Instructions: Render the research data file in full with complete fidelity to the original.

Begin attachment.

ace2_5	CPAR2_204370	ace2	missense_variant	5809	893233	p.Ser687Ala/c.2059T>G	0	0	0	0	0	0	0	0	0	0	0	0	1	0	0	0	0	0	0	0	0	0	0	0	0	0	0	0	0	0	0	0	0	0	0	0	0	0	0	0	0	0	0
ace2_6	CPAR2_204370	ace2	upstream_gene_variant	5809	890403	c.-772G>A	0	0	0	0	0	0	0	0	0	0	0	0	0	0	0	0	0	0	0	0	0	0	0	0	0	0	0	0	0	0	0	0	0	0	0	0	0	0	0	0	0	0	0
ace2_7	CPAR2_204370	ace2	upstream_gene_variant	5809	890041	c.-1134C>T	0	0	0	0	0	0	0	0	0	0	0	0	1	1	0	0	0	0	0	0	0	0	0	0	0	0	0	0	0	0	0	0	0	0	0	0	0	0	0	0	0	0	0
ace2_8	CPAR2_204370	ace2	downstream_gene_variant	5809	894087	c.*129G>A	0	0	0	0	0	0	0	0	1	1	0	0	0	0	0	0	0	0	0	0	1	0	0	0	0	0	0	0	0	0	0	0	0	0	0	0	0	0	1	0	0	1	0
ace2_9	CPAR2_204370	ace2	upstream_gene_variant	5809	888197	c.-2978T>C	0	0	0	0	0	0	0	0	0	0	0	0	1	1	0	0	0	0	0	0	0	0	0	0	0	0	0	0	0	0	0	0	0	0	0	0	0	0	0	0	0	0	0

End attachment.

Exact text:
ace2_5	CPAR2_204370	ace2	missense_variant	5809	893233	p.Ser687Ala/c.2059T>G	0	0	0	0	0	0	0	0	0	0	0	0	1	0	0	0	0	0	0	0	0	0	0	0	0	0	0	0	0	0	0	0	0	0	0	0	0	0	0	0	0	0	0
ace2_6	CPAR2_204370	ace2	upstream_gene_variant	5809	890403	c.-772G>A	0	0	0	0	0	0	0	0	0	0	0	0	0	0	0	0	0	0	0	0	0	0	0	0	0	0	0	0	0	0	0	0	0	0	0	0	0	0	0	0	0	0	0
ace2_7	CPAR2_204370	ace2	upstream_gene_variant	5809	890041	c.-1134C>T	0	0	0	0	0	0	0	0	0	0	0	0	1	1	0	0	0	0	0	0	0	0	0	0	0	0	0	0	0	0	0	0	0	0	0	0	0	0	0	0	0	0	0
ace2_8	CPAR2_204370	ace2	downstream_gene_variant	5809	894087	c.*129G>A	0	0	0	0	0	0	0	0	1	1	0	0	0	0	0	0	0	0	0	0	1	0	0	0	0	0	0	0	0	0	0	0	0	0	0	0	0	0	1	0	0	1	0
ace2_9	CPAR2_204370	ace2	upstream_gene_variant	5809	888197	c.-2978T>C	0	0	0	0	0	0	0	0	0	0	0	0	1	1	0	0	0	0	0	0	0	0	0	0	0	0	0	0	0	0	0	0	0	0	0	0	0	0	0	0	0	0	0